Callie Golden Retriever: “You leave my man alone!”

Monday, September 10th, 2012
Callie Golden Retriever (in the foreground of the photo) is the most social dog I've ever known.  She has countless doggie and people friends.  But that doesn't mean she's friends with everyone.  She's selective.  And she has a few favorites.  In this photo, she's visiting with her Lake Arrowhead neighbors, Reilly, Ruckus, and Rowdy. But yesterday, she did something that just blew me away.  In our home neighborhood, Callie has two special "boyfriends," Sampson, a yellow Labrador Retriever, and Lucky, a Golden Doodle.  We were walking with Cousin Maggie Golden Retriever (my daughter's dog), and joy-of-joys, for Callie, along walks her special friend Sampson.  Maggie is very friendly, too, but when Maggie tried to say "hello" to Sampson, Callie pushed herself in between Maggie and Sampson.  She wasn't going to let Maggie get anywhere near her "man."  Where's the camera when I need it? Don't dogs do the most amazing things sometimes? Have you seen dogs act like this before?  If so, please comment.

Paula Brown, Animal Behaviorist and Author of “Fur Shui” on the “My Doggie Says…” Show

Wednesday, July 11th, 2012
  Paula Brown, animal behaviorist, has written a delightful book titled "Fur Shui."  As you might guess, the book adapts the concepts of Feng Shui to our furry friends.  The book offers many insightful ideas about why our pets choose to be in certain parts of the house, or of a room.  It gave me some wonderful ideas as to why Callie decides to put herself in certain places at certain times.  One special treasure in the book is a simple map that shows how the spatial relationships and colors in a home, or room, can relate to life attitudes such as "helpful people," "creativity and children," "relationship," and five others. This is very fun and thoughtful reading.  It can also be a guide to decorating your home or room with colors that enhance the important attitudes. Here's Paula on the "My Doggie Says..." show:  

A Lesson You Can Learn from your Dog

Wednesday, March 21st, 2012
Here's one of life's important lessons that you can learn from your dog:  How to appreciate little things. This is one of my favorite sound bytes from the "My Doggie Says..." show.  In it, Dean Koontz, the famous author, describes how, at one time in his life, his Golden Retriever, Trixie, helped him see the world in a completely different and wondrous way.  In Dean's words, Trixie "made the familiar fresh again."  She helped him see "great beauty in mundane scenes."  He goes on to say, "Trixie reawakened in me an awareness of the mystery that's woven into the warp and weft of everything we perceive..." I really love this clip (2:28).  It's one of the best examples of the spiritual connection that can exist between a human and a dog.  A great example of a lesson you can learn from a dog.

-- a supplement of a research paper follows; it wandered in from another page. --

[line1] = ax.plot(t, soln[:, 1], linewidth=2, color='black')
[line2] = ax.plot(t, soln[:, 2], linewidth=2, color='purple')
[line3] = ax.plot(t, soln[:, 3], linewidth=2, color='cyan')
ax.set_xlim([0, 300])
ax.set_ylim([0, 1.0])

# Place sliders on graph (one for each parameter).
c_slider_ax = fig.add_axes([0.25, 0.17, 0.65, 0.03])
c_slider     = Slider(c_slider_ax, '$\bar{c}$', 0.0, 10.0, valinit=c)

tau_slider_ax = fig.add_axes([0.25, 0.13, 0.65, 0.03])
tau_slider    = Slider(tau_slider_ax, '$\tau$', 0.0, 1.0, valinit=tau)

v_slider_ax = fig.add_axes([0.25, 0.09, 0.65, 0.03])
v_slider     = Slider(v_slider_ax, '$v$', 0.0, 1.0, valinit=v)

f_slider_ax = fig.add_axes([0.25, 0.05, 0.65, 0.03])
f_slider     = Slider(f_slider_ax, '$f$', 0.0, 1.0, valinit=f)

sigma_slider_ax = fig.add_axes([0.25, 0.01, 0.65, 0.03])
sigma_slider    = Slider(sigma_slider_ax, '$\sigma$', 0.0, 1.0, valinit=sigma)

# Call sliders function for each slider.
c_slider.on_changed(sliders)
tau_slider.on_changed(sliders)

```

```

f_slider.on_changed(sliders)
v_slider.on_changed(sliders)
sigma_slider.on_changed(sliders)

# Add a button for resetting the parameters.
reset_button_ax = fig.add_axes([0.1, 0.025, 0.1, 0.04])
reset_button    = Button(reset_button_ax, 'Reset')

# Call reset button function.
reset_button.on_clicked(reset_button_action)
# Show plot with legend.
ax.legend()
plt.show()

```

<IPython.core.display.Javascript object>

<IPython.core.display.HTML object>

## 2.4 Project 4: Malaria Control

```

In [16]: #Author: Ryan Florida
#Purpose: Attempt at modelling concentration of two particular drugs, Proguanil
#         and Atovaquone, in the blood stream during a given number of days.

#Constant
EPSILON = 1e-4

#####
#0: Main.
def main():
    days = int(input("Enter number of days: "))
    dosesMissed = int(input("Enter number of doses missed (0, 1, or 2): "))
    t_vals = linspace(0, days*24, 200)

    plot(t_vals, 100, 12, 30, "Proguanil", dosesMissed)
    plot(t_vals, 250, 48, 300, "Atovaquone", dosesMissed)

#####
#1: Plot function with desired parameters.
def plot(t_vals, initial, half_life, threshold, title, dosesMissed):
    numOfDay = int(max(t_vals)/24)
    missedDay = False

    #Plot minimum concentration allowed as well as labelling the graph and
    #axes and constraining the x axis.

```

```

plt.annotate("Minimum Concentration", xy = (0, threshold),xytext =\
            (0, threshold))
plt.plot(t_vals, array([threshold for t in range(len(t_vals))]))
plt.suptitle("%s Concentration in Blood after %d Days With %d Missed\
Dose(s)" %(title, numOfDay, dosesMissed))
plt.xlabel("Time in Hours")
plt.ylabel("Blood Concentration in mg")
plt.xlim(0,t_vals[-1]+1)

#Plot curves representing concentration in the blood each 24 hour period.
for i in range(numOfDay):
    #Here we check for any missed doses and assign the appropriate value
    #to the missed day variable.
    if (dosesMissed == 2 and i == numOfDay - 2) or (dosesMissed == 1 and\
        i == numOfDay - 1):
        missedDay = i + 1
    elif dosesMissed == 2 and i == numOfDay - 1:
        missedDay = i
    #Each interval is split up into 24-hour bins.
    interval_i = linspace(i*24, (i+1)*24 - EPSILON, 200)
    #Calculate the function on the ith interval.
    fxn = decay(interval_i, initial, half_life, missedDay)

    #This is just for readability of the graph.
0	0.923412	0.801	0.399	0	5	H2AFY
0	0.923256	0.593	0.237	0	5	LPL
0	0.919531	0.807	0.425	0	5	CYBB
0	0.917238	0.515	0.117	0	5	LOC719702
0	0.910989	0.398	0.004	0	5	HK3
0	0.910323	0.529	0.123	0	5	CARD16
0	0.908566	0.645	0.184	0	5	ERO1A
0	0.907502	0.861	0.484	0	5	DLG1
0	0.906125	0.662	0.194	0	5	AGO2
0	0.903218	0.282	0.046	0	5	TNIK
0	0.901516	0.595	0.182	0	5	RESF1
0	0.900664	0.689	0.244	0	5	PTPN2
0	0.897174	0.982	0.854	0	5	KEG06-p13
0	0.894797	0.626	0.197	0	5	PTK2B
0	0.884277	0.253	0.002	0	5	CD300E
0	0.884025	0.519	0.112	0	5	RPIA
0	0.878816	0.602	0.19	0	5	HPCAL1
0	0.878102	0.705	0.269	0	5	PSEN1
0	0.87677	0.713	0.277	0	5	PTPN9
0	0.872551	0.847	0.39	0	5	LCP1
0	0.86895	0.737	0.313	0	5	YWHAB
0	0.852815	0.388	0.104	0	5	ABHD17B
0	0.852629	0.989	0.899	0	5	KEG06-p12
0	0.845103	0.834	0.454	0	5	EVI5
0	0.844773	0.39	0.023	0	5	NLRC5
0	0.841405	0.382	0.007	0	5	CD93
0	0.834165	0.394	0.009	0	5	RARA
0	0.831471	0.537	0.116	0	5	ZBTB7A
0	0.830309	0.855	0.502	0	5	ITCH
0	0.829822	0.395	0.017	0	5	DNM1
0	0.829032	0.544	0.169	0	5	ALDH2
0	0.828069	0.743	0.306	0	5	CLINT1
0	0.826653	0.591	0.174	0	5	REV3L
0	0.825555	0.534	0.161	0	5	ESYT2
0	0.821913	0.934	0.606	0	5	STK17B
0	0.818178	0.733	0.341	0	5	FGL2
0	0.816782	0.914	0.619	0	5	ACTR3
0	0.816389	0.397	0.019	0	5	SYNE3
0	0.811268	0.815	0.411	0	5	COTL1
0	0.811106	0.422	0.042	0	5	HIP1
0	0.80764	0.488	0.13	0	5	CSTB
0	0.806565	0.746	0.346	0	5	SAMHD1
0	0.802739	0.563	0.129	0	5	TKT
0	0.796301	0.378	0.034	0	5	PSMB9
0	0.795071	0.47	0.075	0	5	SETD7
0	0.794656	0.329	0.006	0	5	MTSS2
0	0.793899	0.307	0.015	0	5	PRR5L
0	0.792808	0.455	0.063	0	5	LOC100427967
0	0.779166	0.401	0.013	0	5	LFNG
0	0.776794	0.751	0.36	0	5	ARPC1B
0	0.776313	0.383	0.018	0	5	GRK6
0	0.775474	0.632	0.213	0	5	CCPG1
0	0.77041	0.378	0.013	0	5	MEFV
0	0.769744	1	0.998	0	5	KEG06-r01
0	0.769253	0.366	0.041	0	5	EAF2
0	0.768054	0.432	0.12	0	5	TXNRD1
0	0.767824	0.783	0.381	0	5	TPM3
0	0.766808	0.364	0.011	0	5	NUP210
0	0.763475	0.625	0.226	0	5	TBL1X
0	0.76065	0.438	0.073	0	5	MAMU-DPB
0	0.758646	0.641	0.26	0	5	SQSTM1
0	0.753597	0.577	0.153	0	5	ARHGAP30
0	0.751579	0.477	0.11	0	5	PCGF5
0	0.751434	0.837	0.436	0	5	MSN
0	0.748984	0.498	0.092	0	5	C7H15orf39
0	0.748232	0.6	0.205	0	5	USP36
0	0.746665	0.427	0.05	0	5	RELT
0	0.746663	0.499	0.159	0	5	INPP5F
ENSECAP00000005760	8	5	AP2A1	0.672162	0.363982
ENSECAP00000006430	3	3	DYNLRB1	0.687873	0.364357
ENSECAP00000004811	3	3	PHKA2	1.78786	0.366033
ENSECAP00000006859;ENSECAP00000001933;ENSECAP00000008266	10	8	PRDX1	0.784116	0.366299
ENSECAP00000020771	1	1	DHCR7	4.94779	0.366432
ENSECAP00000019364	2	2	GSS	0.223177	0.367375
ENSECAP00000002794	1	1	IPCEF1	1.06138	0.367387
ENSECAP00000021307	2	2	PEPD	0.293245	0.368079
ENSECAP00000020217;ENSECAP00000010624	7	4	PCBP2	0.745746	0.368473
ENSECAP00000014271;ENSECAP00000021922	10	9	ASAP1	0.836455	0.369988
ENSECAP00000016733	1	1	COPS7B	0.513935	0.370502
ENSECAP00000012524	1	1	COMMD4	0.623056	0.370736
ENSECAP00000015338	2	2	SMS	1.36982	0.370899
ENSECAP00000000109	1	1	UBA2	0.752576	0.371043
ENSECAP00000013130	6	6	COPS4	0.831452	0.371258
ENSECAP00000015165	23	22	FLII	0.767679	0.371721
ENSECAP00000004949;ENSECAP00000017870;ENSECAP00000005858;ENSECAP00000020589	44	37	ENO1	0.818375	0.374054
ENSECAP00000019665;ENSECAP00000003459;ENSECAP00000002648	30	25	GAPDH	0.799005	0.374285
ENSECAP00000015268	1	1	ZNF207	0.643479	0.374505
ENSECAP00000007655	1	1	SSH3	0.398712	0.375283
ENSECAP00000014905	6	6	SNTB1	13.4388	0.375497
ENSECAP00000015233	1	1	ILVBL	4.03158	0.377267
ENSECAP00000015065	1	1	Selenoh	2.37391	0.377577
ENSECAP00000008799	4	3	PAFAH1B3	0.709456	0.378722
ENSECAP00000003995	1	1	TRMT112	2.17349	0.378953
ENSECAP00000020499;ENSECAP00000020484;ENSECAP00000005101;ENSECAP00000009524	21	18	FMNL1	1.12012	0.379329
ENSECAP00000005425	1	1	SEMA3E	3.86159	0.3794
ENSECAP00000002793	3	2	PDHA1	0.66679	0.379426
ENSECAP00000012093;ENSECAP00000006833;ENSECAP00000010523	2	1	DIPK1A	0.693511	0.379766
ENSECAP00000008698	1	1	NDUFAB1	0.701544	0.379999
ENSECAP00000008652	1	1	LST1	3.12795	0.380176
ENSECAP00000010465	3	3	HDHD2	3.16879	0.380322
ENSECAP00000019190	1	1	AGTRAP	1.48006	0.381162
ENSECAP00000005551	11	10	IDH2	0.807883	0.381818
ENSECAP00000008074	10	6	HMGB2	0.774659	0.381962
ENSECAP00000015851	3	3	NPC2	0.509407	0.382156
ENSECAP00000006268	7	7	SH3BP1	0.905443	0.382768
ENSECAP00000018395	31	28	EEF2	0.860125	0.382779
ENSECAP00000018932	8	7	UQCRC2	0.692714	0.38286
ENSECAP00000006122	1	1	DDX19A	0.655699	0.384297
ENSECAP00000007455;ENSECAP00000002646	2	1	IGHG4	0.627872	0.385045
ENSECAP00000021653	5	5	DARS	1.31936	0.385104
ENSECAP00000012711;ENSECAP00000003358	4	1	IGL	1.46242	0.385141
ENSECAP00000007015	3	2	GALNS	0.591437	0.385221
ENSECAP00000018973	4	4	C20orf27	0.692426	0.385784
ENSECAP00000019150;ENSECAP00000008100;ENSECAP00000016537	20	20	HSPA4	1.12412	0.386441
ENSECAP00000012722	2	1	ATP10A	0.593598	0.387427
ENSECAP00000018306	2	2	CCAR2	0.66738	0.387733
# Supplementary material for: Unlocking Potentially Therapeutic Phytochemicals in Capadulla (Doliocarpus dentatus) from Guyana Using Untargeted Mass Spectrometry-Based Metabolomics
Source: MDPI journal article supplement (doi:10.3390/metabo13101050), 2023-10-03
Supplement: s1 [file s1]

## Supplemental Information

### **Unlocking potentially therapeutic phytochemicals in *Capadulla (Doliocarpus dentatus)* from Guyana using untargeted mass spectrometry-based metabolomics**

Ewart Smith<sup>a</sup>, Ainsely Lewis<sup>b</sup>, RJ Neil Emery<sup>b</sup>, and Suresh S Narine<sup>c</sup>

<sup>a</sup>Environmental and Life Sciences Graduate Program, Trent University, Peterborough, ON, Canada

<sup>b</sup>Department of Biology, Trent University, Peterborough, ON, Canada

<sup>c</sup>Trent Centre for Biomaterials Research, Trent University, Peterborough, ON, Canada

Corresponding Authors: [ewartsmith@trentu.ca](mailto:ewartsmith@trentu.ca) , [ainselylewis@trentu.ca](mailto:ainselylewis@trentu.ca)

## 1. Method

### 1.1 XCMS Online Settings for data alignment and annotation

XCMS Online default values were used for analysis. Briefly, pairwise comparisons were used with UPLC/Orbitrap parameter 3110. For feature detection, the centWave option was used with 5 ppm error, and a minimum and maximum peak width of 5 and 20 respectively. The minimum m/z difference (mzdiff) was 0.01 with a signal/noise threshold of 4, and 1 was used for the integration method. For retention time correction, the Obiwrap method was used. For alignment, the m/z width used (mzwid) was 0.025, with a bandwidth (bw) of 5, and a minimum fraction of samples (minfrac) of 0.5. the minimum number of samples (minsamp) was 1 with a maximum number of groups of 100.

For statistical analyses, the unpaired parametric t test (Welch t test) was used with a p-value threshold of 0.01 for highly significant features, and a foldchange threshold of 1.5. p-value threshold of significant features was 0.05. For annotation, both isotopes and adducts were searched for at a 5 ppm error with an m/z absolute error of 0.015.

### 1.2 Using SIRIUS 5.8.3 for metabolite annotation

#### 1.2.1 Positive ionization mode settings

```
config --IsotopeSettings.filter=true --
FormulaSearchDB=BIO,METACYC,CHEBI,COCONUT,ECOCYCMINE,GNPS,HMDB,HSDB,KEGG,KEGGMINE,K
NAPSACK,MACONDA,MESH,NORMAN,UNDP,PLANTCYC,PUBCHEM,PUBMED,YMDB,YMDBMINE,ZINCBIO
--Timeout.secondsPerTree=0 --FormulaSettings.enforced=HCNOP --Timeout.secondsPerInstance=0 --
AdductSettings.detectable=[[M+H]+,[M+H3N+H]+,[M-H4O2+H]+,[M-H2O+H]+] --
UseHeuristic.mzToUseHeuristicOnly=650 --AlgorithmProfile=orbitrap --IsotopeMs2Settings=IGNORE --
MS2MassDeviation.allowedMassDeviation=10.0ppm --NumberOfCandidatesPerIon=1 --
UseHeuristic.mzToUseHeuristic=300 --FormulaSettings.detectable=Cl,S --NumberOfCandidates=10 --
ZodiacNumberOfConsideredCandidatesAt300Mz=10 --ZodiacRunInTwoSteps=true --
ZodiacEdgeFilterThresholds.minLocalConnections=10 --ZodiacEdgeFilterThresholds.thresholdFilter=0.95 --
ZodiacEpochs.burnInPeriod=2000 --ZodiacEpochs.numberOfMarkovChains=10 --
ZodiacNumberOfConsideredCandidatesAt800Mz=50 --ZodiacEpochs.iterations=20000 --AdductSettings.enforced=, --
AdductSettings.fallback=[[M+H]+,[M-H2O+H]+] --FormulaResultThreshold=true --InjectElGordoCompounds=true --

Your Dog’s Energy Level May Mirror Your Own

Wednesday, February 15th, 2012
Are you aware of your dog’s energy level? Can you sense when it goes up and down? Can you tell when your dog is “full of beans?” Can you tell when your dog is feeling down and drained of energy? Most of us don't pay attention to our own ups and downs, much less our dog’s energy changes. “Am I feeling robust and energetic?” Or, “Am I feeling down and lackadaisical?” Many of us go through energy ups and down every day without realizing it. But dogs may be different. My dog Callie and I play soccer every night or fifteen to twenty minutes, and, because of that, I've become pretty tuned in to my dog’s energy levels. Interestingly, this experience has put me more in tune with my own energy fluctuations. Our daily soccer match always starts with a burst of energy. Callie tracks me down, usually in my office, and gives me a very intense gaze. Her “look” means, “It’s time for our soccer game!” I start the game by kicking the soft, under-inflated ball almost the length of our backyard. Callie races after the ball and traps is under her tummy. Then I make a shorter and higher kick, and Callie leaps into the air and “bonks” the ball off her nose. We call it a “noser.” It's like a header but when you're a golden retriever your nose gets in the way. Sometimes we do a rapid volley of nosers. I kick the ball back to her as quickly as possible, and she leaps up and “bonks” the ball as hard as she can. This usually gets her really pumped up for a few minutes. But invariably, sometime during our game, I'll kick the ball to Callie and she'll just look at me, as the ball flies over her head and lands on the grass. It’s as if she’s saying, “What was that all about?” She makes no effort whatsoever to go after it. My next few attempts are likely to have the same result. It is as if she doesn't care about the game any more. So now I'm wondering, “Is there a way to get the game back on track?” Another thing I wonder is, “Is she mirroring my energy level?” For the next kick, I’ll run to the ball faster and try to project more energy. Sometimes that works. Callie senses my increased enthusiasm and reflects it with an outburst of harder “nosers” and faster chasing after the ball. Other times Callie ignores my new energy level and the ball flies over her head, and, once again, she looks at me like I'm crazy. Another trick I've tried is to "fake" an end to the game. I kick the ball back to our starting place and put it back on the chair where it sits when we're not playing. Sometimes Callie tries to play “keep away” so I can’t pick the ball up. She'll put a paw on the ball, for example, or trap it under her tummy, or position herself between me and the ball. After the ball has been back on its chair for a few seconds, I pick it up again and ask Callie if she wants to play. Usually by this time, she’s stationed herself in the middle of the yard and she's giving me that “let's play soccer” look again. So, starting over, I kick the ball toward her and she goes scampering after it. Usually this works, and it re-energizes her, at least for a few minutes. Sometimes I think this interaction is just about a dog’s energy level and enthusiasm for the game. At other times, it seems like she’s reflecting my energy -- or lack of energy. It probably also has something to do with focus and concentration -- both of which, I believe are closely related to energy expression. This energy interaction has been fascinating to follow. I've learned a lot about Callie’s energy levels as well as my own. There have been times when I was certain Callie was simply mirroring my energy -- that her lack of enthusiasm probably reflected the fact that I was distracted or thinking about something else. In these situations, I am able to regain the energy of the game by getting more enthusiastic and putting more into it myself. Sometimes I think that Callie’s enthusiasm has helped to spark my enthusiasm to a higher level which has led to some really fun “noser” volleys. Any way you look at it, this “energy exchange” has enriched my relationship with Callie. I understand her a little better -- and probably myself, as well. Try paying attention to your dog’s energy patterns!